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Poster linking Rep. Ilhan Omar to 9/11 sparks outrage, injuries in W.Va. state Capitol

After an anti-Muslim poster targeted Rep. Ilhan Omar (D-Minn.), the West Virginia House Speaker Roger Hanshaw (R) said, "we owe it to ourselves to do better." (Video: Reuters)
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Friday was a day meant to celebrate the Republican Party in the West Virginia Capitol. But a poster connecting a Muslim congresswoman to the 9/11 terrorist attacks led to heated emotions, caused the resignation of at least one staff member and left another reportedly injured when things got physical as the altercation spilled into the chamber of the West Virginia House of Delegates.

The poster, at a table in the Capitol’s rotunda, featured an image of freshmen Rep. Ilhan Omar (D-Minn.) underneath one of the New York’s twin towers burning.

“'Never forget’ — You said,” read text placed over the photo of the World Trade Center.

“I am the proof you have forgotten,” read the caption over Omar’s image.

Omar, one of the first two Muslim congresswoman ever elected, has been the target of Islamophobic smears since she took office this year.

It was not immediately clear who was responsible for the poster, which was displayed on a day of events called “WVGOP Day” and sponsored by the state Republican Party. Melody Potter, the state party chairwoman, did not respond to voice mail or text messages.

Photos of the poster showed it next to a placard promoting ACT for America, which the Southern Poverty Law Center has designated an anti-Muslim hate group. ACT for America did not immediately respond to requests for comment.

Mike Pushkin, a Democratic member of the House of Delegates, told The Washington Post that he was in a morning committee meeting when someone sent him a picture of the poster. He later snapped and tweeted a picture of it after walking over to see it.

“I said, ‘What does she have to do with 9/11?’ ” he said. “It was Islamophobic. I thought it was racist and it was wrong.”

The poster kicked off a heated debate in the hallway outside the House of Delegates that eventually spilled into the chamber, Pushkin said.

The body’s sergeant at arms submitted a letter of resignation at the end of the day after being accused of a making an anti-Muslim slur during the dispute, according to West Virginia Public Radio and other local outlets. A doorkeeper was reportedly injured during a dispute with a member over the doors to the chamber.

Pushkin, who is Jewish, said he condemned the poster from the floor of the House and asked his colleagues to do the same.

“I said, ‘In 1933 in Berlin, they might have had a similar poster about somebody like me,’ ” he said.

But no Republican delegates condemned the poster, Pushkin said. “I’m really disappointed that not a single Republican elected official in this building could join me in saying it’s wrong,” he said.

Many Republicans got up to speak about the First Amendment in response, according to West Virginia Public Radio.

“My issue with what I saw outside has to do with another truly American foundational issue, and that’s freedom of speech," Republican Del. Dianna Graves said, West Virginia Public Radio reported. “So, while I may not agree with everything that is out there, I do agree that freedom of speech is something that we have to protect, even if we don’t agree with it.”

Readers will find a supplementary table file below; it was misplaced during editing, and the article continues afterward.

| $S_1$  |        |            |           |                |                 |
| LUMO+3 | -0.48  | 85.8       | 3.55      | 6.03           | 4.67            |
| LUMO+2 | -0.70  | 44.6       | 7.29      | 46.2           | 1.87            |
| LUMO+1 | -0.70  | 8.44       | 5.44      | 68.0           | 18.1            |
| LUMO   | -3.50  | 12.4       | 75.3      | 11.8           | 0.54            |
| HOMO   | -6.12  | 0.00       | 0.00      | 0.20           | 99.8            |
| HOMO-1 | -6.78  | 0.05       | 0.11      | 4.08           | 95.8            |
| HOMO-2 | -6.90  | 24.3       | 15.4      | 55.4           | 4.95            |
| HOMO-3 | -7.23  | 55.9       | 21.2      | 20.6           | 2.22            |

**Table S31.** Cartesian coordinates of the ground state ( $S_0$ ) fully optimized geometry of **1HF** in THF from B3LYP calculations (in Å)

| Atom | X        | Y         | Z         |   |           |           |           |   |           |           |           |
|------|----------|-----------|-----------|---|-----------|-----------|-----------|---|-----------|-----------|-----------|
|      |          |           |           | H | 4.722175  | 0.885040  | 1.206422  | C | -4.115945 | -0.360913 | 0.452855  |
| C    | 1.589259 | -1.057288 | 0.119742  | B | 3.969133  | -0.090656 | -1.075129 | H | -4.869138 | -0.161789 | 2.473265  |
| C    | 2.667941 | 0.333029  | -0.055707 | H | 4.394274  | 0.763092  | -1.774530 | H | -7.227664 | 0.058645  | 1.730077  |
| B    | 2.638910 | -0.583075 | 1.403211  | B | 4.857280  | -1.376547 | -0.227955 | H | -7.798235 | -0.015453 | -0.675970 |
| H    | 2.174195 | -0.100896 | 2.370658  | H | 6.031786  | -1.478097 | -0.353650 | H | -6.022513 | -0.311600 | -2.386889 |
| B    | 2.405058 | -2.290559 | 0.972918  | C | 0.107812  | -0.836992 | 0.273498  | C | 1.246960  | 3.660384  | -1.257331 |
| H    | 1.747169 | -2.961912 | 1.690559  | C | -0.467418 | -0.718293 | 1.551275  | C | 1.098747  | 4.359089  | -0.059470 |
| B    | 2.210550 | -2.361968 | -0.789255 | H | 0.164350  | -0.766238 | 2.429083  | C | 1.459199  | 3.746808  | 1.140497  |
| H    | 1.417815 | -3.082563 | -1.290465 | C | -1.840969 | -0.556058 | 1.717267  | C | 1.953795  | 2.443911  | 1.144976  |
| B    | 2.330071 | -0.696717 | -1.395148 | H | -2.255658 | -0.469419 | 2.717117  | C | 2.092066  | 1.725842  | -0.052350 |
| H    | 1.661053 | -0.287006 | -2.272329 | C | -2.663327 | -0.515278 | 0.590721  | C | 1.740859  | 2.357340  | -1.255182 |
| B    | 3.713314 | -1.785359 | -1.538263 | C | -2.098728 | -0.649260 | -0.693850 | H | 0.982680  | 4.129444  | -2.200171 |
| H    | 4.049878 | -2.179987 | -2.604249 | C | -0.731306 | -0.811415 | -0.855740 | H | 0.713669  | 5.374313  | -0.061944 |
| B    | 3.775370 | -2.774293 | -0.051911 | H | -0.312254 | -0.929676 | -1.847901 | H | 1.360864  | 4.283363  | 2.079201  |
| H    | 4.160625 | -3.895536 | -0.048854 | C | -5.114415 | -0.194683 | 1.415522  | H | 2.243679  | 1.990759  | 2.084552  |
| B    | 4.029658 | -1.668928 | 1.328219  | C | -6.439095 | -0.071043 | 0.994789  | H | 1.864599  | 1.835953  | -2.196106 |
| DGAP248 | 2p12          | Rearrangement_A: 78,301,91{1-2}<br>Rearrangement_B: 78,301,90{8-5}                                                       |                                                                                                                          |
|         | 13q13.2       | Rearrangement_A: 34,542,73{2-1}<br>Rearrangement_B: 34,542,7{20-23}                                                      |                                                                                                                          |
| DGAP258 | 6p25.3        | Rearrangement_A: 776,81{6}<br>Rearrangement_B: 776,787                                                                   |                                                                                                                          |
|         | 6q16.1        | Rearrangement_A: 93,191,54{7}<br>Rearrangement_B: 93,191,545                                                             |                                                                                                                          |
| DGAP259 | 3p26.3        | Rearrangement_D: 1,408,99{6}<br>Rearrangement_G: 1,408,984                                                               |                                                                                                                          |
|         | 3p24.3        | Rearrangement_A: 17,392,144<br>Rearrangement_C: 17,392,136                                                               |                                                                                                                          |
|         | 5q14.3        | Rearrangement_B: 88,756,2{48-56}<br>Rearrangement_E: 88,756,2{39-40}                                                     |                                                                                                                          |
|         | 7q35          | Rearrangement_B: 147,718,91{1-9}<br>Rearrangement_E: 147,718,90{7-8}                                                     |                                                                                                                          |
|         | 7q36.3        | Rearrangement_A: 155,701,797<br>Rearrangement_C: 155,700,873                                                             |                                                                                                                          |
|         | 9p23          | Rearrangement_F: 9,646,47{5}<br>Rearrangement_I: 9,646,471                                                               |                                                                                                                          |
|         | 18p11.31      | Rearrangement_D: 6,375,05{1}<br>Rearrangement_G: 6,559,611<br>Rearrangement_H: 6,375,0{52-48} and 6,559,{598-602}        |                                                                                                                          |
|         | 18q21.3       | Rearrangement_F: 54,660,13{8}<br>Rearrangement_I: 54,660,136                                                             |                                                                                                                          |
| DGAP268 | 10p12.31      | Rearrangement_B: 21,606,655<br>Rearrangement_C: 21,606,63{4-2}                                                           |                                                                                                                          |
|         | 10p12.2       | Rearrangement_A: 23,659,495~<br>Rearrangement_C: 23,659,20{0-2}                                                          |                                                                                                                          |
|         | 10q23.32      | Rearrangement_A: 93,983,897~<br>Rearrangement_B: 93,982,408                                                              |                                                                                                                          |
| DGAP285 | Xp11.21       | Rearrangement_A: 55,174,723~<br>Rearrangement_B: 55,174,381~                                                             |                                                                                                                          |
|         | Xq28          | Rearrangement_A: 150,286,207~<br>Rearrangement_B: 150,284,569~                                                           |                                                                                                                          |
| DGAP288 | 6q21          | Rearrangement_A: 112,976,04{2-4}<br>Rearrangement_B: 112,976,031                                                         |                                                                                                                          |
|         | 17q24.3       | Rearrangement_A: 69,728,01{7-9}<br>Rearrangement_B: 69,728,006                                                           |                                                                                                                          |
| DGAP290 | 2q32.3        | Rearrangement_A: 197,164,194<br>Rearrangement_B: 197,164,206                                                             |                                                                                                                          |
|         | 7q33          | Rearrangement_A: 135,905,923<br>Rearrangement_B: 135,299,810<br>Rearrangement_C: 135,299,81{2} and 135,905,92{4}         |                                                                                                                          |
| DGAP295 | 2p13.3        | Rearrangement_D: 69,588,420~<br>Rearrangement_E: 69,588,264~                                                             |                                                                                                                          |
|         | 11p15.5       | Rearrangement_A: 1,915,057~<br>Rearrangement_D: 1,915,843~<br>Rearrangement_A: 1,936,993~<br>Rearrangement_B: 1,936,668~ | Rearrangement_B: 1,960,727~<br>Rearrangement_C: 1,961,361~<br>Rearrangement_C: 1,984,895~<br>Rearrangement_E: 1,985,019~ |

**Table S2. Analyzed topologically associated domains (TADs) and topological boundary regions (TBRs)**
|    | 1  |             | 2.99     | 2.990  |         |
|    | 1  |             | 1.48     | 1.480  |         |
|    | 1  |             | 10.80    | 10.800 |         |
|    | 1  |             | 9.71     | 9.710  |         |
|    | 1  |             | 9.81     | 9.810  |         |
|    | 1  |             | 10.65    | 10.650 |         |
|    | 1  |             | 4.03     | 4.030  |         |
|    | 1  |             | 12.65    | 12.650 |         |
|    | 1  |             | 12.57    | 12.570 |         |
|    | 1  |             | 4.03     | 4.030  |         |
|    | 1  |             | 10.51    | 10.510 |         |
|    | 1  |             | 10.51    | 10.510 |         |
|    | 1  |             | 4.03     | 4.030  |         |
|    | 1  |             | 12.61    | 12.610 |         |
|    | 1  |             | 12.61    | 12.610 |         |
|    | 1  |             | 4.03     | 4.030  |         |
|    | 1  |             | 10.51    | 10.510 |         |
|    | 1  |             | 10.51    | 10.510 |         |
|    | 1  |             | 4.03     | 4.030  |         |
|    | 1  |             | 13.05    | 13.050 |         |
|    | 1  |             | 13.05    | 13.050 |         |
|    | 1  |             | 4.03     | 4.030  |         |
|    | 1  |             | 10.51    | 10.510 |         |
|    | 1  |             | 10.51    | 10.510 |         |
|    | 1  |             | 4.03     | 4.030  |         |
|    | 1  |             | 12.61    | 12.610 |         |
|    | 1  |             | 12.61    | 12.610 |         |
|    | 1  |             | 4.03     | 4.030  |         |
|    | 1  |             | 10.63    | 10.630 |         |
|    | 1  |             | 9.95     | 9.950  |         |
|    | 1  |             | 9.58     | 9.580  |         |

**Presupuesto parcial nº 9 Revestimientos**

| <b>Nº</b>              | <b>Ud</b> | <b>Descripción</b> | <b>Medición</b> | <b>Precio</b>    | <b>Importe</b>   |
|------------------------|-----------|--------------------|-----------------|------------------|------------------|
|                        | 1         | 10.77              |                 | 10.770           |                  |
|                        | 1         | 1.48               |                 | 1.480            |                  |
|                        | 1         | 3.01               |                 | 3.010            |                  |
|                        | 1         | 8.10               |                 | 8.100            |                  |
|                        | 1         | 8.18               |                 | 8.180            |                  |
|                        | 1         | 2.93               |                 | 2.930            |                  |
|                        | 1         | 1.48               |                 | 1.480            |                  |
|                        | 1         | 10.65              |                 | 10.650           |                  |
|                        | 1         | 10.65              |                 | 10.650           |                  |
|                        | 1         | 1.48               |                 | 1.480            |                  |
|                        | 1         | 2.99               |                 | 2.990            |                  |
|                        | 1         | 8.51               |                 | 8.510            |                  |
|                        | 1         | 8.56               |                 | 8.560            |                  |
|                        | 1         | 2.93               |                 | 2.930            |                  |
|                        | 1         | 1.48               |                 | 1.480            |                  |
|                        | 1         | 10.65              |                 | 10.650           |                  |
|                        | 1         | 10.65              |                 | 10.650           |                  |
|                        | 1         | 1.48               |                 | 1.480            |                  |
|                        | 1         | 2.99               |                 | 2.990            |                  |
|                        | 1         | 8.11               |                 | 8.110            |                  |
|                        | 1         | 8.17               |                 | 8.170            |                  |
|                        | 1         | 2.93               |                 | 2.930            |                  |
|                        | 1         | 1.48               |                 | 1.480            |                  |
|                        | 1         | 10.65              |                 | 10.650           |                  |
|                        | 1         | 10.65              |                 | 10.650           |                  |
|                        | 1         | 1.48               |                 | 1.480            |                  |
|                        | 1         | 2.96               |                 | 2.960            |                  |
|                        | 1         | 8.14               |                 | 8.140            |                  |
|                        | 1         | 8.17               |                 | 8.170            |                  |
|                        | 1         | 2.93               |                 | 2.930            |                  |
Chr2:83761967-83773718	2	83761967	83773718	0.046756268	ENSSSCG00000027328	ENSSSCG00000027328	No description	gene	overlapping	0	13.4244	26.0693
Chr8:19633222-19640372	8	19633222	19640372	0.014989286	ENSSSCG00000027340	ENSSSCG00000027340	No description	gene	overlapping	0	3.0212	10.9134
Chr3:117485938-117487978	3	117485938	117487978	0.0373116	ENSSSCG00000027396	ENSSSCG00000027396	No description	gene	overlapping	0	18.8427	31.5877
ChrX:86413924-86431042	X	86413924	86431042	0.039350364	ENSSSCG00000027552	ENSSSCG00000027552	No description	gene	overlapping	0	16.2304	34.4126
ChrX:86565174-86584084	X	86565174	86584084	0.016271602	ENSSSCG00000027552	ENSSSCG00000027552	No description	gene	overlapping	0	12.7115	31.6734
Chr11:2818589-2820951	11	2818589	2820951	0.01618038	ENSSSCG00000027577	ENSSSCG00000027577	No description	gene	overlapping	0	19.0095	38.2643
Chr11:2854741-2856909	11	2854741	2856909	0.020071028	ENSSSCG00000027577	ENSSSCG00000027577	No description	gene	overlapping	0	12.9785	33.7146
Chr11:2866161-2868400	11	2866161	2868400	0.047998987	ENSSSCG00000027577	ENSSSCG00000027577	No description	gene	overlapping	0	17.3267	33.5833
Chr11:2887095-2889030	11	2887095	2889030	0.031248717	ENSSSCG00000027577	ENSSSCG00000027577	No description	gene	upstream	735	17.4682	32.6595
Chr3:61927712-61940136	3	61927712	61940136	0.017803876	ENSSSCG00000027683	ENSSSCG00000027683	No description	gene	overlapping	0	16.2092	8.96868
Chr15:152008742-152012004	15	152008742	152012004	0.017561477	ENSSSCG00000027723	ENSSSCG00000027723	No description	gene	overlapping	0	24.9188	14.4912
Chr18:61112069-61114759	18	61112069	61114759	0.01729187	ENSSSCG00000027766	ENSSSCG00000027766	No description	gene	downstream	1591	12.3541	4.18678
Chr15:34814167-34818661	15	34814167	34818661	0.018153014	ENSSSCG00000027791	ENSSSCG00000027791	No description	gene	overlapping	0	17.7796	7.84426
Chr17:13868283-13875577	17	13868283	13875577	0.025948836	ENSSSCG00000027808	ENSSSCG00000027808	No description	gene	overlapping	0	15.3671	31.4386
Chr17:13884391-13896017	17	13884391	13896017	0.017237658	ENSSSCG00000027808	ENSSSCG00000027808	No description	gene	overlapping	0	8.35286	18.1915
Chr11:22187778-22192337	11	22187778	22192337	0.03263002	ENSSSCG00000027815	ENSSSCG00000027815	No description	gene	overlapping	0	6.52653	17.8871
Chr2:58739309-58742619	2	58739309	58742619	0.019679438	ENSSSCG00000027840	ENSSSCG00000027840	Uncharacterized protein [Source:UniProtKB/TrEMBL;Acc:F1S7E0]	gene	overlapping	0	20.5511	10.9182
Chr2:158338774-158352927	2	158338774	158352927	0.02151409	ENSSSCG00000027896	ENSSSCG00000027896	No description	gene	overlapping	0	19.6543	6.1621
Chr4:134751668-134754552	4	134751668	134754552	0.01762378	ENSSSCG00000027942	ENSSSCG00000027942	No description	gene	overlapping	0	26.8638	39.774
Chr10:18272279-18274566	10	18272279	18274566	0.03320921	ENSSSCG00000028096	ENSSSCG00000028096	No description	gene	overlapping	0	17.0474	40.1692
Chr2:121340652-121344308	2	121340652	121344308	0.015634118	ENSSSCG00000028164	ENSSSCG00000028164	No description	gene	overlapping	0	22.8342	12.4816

Democrats countered that the poster amounted to hate speech.

Roger Hanshaw, a Republican and the House speaker, gave a speech in which he lamented the anger and tension that had marked the day.

“Friends, we owe it to ourselves to do better,” he said.

“The West Virginia House of Delegates unequivocally rejects hate in all of its forms," he said in a statement later. Spokesman Jared Hunt said Hanshaw did not specifically condemn the poster because of the full sweep of the day’s events.

“There was a poster, there was reaction, there was an argument between the sergeant-at-arms and a delegate, then an incident that led to the injury of a House staff member,” Hunt said. “This was an escalating series of events that were wrong.”

Omar, a refugee from Somalia who immigrated to the United States with her parents when she was young, tweeted that she had been receiving threats recently.

“Look no further, the GOP’s anti-Muslim display likening me to a terrorist rocks in state capitols and no one is condemning them!” she wrote.

On Saturday, Rep. Alexandria Ocasio-Cortez (D-N.Y.) tweeted that, “When racism becomes acceptable on a partisan basis, and official GOP groups begin to use it to demonize communities, it puts real people in danger. @IlhanMN, I am sorry these threats are being targeted on you.”

Omar was rebuked last month by conservatives as well as Democratic Party leaders after a tweet about the influence of pro-Israel lobbying groups that some found to be anti-Semitic. But she has also been the subject of attacks based on her religion.

Pushkin said he wasn’t concerned with her politics.

“I don’t agree with a lot of the things that Representative Omar has said — l think we probably have different views on Israel and the Middle East,” he said. “But I have the utmost respect for somebody who entered this country in the manner that she did and came through the United States of America with absolutely nothing and has earned the right, through winning an election, to serve in our nation’s Capitol in the House of Representatives.”

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